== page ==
Dear America, we need to step up our game when it comes to building a strong immune system. If you’ve read my some of my past posts here on The Hot Mess Press, you know that wellness and boosting immune system health are frequent topics of mine. Today, I’d like to share helpful information about forageable plants.
I clearly remember the initial reaction my immediate family members had when I first began my journey into researching and using forageable plants in our daily lives. One or the other of them would look at my bowl and ask, “You’re going to eat a bowl of weeds?” Fast forward to 2020, and most of them have come on-board in my quest to improve immune system health by eating wild plants that grow on our property.
Forageable plants disclaimer
I typically add a disclaimer to the end of a post any time I write about health issues or natural remedies and such. I want to add the disclaimer up front regarding forageable plants because it is a top priority. I do not have a medical or science degree of any kind. I do not intend this post to be medical advice. I am merely sharing what I have learned through several decades of research and life experience.
Also, location is important. I do not recommend foraging plants from a city park, for instance, where greenery and weeds have undoubtedly been heavily sprayed with pesticides. There are also state laws prohibiting the picking of plants in some areas.
Make sure your identification is 100% certain
Forageable plants often have look-alikes growing in the wilderness, which may be highly toxic. Such plants can have severe, adverse health consequences. This is why, if you want to learn how to forage food to boost your immune system, you need to do your homework first! If I’m not 100% certain that I have correctly identified a forageable plant, I do not pick it. This practice likely saved the life of one of my children.
I was about six months pregnant and had recently moved to our home in the woods. I kept smelling this pungent, wintergreen aroma in the air, and eventually traced it to a patch of plants that were growing at the edge of the forest. It was a “mint” I had never encountered, and I was hoping to dry some and make tea. Still, I was hesitant because I was not 100% certain what it was, and understood the importance of making sure it was safe before consuming it. I was greatly relieved that I insisted on learning more before trying my newly found herb when a friend was able to identify the plant for me. It turns out it was American Pennyroyal, which can be fatal to infants in the womb!
Scary stuff aside, forageable plants are healthy
There are numerous forageable plants growing in the fields and woods where I live. The following list includes some of the ones we eat most often:
- Dandelions: These delicate yellow flowers, like many forageable plants, bloom in spring time. Every part of the dandelion plant is edible, and this informative video explains the tremendous health benefits you can gain by incorporating it into your diet.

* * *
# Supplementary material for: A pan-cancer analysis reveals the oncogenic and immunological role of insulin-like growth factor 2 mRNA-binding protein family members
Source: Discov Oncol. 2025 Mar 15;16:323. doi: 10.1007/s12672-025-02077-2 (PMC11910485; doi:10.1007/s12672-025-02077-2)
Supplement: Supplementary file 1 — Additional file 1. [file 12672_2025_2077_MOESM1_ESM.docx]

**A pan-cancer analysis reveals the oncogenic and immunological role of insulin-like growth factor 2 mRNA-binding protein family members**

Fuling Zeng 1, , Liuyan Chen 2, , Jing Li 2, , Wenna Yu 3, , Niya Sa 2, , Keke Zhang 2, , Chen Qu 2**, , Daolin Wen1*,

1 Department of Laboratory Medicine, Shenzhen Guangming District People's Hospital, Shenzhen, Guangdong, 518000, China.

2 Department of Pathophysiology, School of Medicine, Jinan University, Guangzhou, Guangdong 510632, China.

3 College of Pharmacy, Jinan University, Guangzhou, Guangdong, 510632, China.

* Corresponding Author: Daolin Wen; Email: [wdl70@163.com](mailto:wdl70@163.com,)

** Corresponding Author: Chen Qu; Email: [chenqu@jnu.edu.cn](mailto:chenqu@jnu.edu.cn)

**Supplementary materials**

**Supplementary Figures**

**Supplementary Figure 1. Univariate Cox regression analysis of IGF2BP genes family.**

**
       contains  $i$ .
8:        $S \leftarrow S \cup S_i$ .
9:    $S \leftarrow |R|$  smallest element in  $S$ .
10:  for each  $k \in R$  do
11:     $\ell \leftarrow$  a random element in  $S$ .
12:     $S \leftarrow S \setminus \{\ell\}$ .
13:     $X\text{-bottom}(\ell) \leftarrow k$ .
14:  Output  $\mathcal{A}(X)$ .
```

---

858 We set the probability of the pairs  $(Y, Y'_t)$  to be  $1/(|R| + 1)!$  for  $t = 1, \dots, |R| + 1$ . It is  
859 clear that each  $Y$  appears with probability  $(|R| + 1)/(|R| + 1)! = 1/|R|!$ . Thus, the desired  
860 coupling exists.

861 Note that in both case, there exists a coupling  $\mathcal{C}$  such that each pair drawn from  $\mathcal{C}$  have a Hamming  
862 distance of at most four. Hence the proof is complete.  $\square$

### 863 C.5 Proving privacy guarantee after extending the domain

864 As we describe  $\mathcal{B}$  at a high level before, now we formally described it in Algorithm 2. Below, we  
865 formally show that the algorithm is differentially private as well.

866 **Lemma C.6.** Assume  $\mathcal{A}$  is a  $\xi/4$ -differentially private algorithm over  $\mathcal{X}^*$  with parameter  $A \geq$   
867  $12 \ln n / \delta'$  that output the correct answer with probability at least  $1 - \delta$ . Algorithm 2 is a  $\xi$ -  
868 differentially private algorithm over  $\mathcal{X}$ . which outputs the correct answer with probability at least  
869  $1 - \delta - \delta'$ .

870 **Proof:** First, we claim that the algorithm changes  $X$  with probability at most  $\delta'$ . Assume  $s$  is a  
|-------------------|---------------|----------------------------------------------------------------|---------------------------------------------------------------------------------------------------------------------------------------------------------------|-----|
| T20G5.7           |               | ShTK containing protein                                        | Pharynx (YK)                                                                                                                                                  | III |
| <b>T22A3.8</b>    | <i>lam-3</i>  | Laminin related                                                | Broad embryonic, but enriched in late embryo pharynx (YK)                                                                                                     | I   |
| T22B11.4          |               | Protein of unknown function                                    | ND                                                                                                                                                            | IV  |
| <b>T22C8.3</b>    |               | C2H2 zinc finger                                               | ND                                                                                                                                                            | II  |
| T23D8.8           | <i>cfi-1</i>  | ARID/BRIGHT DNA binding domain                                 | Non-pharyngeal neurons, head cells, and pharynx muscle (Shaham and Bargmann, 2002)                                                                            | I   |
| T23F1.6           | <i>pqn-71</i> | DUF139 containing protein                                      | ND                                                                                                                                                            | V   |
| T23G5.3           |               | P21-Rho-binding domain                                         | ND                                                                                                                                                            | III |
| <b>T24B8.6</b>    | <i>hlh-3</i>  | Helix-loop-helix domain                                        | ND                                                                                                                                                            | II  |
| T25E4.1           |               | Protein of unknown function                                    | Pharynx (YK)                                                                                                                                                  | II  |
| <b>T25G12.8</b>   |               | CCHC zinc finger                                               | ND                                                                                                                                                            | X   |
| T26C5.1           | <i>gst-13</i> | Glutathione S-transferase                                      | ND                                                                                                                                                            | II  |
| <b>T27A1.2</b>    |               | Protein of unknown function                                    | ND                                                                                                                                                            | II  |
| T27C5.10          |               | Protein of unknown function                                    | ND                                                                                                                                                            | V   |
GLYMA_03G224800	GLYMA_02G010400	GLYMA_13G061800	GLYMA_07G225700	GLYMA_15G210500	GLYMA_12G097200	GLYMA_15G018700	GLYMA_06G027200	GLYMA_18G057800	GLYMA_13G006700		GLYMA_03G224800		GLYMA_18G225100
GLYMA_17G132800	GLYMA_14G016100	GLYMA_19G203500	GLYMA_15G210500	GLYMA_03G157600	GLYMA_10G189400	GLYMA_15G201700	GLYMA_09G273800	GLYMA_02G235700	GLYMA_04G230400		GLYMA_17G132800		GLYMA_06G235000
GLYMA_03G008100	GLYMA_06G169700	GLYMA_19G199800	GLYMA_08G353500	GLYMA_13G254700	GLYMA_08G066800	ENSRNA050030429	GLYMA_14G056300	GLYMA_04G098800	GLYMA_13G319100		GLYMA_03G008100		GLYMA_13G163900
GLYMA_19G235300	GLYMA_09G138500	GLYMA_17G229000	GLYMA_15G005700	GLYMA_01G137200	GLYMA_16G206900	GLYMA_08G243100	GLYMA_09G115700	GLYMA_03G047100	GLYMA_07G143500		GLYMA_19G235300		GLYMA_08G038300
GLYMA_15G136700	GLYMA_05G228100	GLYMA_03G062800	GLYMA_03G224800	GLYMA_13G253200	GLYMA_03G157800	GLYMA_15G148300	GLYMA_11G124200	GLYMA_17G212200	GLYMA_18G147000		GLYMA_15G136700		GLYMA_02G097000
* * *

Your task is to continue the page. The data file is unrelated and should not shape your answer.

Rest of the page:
- Wild garlic: That potent onion-like aroma that wafts through the air after you mow the lawn is likely coming from the wild garlic you just cut down. You might consider harvesting it first next time, because this is a natural, quick and easy way to add “chives” to your salads, soups or stews!
- Purslane: A succulent vine that grows prolifically in my garden every year, purslane has a crunchy, citrus-like flavor that adds a tasty touch to a salad. It’s a great source of Omega-3 fatty acids and is a powerful antioxidant as well. NOTE: This is one of the foreageable plants that has a toxic look-alike, so make sure you learn how to tell the difference! (It’s easy to do, once you know how.)
- Violets: Who doesn’t feel happy when they see a spring time field of violets blooming? Both the leaves and flowers of this tiny plant are edible and rich in vitamins A and C.
- Plantain: You can use plantain leaves to make a poultice that helps relieve itch, inflammation, swelling and discomfort from bee stings or insect bites. It is also edible, and is high in vitamins A and C, as well as calcium. Hint: Older leaves tend to be stringy and tough, so harvest them before they reach full maturity.
This list included the forageable plants I find most abundant where I live. There are many others, such as morel mushrooms, which, to my great disappointment, I’ve been unable to find on my property. I know they grow in my region because I have many friends who harvest them every year. Morel mushrooms also have a toxic look-alike, so proceed with caution. I hear they’re quite tasty, and in some places, sell for a hefty price!
Forageable plants are like manna from heaven
My son and I were recently enjoying a walk in our woods and were chatting about forageable plants. It occurred to us how we humans often try to rid the earth of the very things God placed here to help us stay healthy. Think about it. People typically see the plants I’ve listed here today as weeds that should be destroyed. Here is a photo of an actual salad I recently foraged from our yard for lunch! I made a dressing using balsamic vinegar, olive oil, garlic salt, a spoonful of chia seeds and oregano, and my salad was delicious!
These “weeds” grow in abundance without a need to tend them! They are rich in vitamins and minerals, and have many health benefits if we eat them! Isn’t it logical that God provided this food for us, and delighted in filling the earth with forageable plants we can easily harvest? Yet, we rip it out, mow it down and discard it, wasting FREE food that can help us build strong immune systems! As this post goes live, most states are still in quarantine, which means you might have time to learn more about foraging, and I hope you will!